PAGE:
“Your world just comes to a stop,” he recalled of that moment.

His thoughts turned immediately to Rebecca, 47, and the kids: Mikayla, Luke, Max and Liam. He vowed to fight for his life with all he had. Sean and Rebecca Ramos had consulted first with a local oncologist. They decided to get a second opinion at UCI Health, which was in their insurance network.

Correcting a diagnosis

That’s when the couple met Pinter-Brown, a nationally regarded lymphoma expert.

She told Sean that his pathology report had been misread. He actually had mantle cell lymphoma, a rare and deadly type of non-Hodgkin lymphoma. This disease, which attacks certain white blood cells called lymphocytes, required an entirely different treatment plan, she said.

In addition to chemotherapy, Pinter-Brown suggested he consider a transplant of blood stem cells. Since UCI Health didn’t yet offer the procedure, Sean received a transplant of his own treated stem cells in fall 2018 at another cancer center in the region.

After his lymphoma reappeared in spring 2020, he had CAR T-cell therapy, a treatment with genetically altered immune cells. By early August, he learned that it, too, was unsuccessful.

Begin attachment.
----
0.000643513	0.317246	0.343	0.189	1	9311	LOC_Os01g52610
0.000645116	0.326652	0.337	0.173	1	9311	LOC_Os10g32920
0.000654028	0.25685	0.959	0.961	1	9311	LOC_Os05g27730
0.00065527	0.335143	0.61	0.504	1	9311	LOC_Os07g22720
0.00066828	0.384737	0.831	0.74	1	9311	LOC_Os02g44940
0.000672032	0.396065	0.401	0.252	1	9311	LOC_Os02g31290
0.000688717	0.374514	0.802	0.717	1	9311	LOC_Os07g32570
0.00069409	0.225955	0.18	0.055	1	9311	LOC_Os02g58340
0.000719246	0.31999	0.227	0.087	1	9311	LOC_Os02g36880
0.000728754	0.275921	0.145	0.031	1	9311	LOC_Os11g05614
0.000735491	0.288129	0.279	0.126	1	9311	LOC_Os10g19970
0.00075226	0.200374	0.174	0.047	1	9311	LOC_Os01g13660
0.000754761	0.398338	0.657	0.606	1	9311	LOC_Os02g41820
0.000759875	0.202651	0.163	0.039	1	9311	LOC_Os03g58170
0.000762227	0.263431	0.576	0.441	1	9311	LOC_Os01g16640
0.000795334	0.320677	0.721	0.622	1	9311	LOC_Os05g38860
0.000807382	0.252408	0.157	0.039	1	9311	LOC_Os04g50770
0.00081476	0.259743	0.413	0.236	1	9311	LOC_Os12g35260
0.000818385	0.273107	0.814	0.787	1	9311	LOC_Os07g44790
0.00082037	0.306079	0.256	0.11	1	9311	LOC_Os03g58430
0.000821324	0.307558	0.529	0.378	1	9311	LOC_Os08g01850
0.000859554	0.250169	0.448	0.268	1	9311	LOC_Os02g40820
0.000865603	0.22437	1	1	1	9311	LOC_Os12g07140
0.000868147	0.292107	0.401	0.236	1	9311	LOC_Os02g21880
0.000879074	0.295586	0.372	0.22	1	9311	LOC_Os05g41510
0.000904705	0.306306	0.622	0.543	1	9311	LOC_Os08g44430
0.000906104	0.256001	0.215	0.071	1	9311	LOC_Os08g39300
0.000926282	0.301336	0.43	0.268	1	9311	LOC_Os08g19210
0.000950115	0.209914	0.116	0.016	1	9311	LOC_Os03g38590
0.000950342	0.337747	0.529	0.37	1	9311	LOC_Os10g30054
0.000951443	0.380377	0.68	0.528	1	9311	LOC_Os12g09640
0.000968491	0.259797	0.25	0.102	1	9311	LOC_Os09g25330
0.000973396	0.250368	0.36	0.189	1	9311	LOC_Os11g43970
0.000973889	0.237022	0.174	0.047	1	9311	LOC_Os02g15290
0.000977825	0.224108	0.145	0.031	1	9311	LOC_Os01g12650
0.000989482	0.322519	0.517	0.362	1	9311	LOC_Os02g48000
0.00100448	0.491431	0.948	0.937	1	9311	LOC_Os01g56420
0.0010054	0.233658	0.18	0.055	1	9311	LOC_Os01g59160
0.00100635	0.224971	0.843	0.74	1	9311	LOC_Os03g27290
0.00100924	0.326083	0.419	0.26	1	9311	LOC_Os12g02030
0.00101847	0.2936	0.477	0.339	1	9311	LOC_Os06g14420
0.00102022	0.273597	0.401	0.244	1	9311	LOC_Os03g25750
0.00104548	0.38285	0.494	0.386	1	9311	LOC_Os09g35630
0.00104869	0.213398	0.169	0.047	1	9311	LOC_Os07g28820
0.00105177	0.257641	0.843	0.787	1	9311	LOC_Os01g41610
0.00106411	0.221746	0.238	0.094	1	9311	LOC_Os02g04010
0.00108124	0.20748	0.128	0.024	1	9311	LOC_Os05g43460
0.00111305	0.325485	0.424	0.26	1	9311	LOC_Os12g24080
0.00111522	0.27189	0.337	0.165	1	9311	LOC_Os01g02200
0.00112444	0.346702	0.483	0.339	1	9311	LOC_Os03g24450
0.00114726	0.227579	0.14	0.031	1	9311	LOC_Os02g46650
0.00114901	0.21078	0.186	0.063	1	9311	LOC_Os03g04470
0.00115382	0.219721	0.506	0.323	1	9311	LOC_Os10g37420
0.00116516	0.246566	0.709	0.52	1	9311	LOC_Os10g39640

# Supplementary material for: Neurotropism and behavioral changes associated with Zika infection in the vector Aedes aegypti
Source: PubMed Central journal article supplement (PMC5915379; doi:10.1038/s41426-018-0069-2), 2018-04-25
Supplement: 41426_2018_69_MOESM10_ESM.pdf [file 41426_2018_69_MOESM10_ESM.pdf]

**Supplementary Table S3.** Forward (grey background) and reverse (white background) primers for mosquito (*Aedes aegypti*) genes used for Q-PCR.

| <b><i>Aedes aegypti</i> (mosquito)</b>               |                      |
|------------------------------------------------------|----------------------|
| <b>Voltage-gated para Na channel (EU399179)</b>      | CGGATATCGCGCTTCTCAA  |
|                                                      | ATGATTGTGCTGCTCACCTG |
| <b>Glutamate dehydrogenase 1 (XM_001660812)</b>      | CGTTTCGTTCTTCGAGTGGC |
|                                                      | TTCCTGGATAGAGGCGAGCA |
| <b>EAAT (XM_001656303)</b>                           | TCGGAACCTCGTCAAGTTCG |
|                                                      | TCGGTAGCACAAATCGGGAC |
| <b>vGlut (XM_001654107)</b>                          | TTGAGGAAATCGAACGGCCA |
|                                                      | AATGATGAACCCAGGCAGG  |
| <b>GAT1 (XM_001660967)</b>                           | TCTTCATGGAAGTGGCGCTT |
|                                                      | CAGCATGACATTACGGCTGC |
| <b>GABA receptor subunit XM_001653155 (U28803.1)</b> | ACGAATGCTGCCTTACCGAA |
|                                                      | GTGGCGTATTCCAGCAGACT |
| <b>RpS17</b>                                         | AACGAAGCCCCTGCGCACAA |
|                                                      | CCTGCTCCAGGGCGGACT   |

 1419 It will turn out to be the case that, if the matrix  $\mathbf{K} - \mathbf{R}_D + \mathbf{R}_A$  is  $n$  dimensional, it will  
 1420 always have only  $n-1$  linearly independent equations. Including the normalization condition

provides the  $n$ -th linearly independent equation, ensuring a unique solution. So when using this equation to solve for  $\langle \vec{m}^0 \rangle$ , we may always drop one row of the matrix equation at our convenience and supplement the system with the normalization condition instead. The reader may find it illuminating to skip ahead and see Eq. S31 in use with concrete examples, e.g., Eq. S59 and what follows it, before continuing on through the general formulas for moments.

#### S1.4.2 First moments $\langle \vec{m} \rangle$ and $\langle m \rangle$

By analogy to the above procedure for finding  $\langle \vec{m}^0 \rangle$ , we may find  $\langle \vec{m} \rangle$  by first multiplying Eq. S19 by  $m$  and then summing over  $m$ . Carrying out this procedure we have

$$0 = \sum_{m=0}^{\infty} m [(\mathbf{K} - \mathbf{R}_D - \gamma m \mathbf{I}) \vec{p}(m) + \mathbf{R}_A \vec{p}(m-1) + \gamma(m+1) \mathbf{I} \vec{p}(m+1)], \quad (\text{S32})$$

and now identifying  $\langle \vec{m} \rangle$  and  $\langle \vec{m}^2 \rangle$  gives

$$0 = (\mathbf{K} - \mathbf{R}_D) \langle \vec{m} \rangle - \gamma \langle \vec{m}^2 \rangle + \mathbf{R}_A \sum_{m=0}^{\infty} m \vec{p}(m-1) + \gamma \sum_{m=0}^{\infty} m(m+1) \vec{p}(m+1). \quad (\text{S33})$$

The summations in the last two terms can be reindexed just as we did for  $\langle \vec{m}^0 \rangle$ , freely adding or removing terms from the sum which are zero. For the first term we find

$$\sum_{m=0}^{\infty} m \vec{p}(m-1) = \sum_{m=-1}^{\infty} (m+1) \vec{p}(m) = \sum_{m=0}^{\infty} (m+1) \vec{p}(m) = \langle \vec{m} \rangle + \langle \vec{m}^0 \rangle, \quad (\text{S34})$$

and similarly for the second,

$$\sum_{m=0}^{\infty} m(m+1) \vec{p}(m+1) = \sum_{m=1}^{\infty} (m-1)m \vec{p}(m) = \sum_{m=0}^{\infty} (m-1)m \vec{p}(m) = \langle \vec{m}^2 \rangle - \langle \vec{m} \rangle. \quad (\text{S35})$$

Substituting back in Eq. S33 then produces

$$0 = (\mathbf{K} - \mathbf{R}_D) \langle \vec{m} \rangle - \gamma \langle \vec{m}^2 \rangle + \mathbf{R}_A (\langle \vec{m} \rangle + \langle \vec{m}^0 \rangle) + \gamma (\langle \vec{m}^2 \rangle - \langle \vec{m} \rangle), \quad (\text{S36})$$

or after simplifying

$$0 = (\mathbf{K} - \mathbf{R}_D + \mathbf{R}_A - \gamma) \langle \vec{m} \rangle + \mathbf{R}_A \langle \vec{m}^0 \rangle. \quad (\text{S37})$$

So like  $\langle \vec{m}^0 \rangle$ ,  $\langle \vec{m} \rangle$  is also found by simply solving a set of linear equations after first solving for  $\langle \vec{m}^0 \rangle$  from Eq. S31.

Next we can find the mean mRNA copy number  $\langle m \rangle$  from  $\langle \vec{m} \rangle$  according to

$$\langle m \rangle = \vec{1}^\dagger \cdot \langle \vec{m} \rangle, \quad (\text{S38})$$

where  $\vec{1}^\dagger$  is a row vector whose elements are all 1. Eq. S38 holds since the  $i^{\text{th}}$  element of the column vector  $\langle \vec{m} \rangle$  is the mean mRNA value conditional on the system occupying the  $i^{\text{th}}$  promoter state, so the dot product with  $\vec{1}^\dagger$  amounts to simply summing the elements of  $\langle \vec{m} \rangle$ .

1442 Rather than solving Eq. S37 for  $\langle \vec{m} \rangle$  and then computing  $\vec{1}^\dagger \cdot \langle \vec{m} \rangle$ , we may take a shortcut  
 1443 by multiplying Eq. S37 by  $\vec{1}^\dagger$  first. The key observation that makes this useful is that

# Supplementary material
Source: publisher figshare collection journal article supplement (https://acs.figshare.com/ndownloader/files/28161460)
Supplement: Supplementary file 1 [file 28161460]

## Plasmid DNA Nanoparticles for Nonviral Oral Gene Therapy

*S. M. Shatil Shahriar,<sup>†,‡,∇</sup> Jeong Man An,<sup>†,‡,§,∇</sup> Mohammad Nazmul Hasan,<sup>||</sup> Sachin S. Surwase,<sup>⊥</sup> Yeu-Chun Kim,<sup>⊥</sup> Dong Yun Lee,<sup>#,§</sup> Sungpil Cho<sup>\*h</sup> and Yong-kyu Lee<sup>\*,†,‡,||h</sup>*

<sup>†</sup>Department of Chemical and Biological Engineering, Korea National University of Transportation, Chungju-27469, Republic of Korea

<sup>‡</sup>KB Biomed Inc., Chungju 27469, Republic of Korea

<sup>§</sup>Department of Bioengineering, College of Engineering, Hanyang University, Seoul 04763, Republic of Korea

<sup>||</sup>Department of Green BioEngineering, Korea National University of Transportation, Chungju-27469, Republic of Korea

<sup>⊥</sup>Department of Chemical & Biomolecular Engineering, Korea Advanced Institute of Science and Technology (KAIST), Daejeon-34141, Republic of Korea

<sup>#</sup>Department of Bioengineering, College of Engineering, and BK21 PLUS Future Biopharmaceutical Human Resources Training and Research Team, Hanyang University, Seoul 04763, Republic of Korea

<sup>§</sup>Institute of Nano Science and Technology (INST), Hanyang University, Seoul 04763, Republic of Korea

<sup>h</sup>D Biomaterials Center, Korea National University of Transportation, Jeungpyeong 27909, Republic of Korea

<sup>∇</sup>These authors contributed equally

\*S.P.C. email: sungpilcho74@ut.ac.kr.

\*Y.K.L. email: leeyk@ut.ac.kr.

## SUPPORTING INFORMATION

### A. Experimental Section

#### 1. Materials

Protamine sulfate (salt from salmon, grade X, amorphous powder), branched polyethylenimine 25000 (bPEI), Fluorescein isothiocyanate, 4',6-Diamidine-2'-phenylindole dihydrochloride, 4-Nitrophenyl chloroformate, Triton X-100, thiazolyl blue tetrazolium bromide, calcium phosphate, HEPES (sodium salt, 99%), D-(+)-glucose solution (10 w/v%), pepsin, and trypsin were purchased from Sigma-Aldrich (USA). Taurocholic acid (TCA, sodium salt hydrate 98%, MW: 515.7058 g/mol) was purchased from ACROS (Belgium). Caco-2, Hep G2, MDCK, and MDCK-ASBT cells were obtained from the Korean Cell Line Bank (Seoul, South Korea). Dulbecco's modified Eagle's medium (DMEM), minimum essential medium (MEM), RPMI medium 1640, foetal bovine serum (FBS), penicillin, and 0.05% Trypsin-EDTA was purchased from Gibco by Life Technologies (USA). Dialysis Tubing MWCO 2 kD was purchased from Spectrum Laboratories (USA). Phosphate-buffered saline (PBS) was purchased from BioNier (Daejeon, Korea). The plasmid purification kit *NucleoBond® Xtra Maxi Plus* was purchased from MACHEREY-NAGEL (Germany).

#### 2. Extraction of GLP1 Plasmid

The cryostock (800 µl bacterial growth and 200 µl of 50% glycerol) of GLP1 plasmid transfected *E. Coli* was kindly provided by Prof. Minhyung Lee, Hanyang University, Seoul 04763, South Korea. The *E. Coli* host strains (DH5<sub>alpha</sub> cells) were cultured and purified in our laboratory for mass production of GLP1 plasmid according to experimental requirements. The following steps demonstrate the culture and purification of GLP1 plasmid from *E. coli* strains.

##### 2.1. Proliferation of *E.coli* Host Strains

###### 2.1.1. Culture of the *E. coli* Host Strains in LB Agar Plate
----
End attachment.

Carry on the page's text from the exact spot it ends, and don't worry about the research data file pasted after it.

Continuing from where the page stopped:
Weighing options

Sean turned again to UCI Health and Pinter-Brown to review his options. She recommended a more aggressive chemotherapy drug and encouraged him to consult with the cancer center’s new bone marrow transplant team.

Program director Dr. Stefan O. Ciurea, a leader in stem-cell transplantation and CAR T-cell therapy, met with Sean immediately and mapped a plan of attack in coordination with Pinter-Brown’s team. They would prepare him for another transplant, this time with donor cells.

Undaunted by the previous failures, Ciurea assured Sean, “We can cure your disease.”

Treatment started with five weeks of intensive chemotherapy and radiation to kill any remaining cancer cells — including a tangerine-size tumor in his clavicle and one the size of a ping-pong ball at his beltline.

Preparing the donor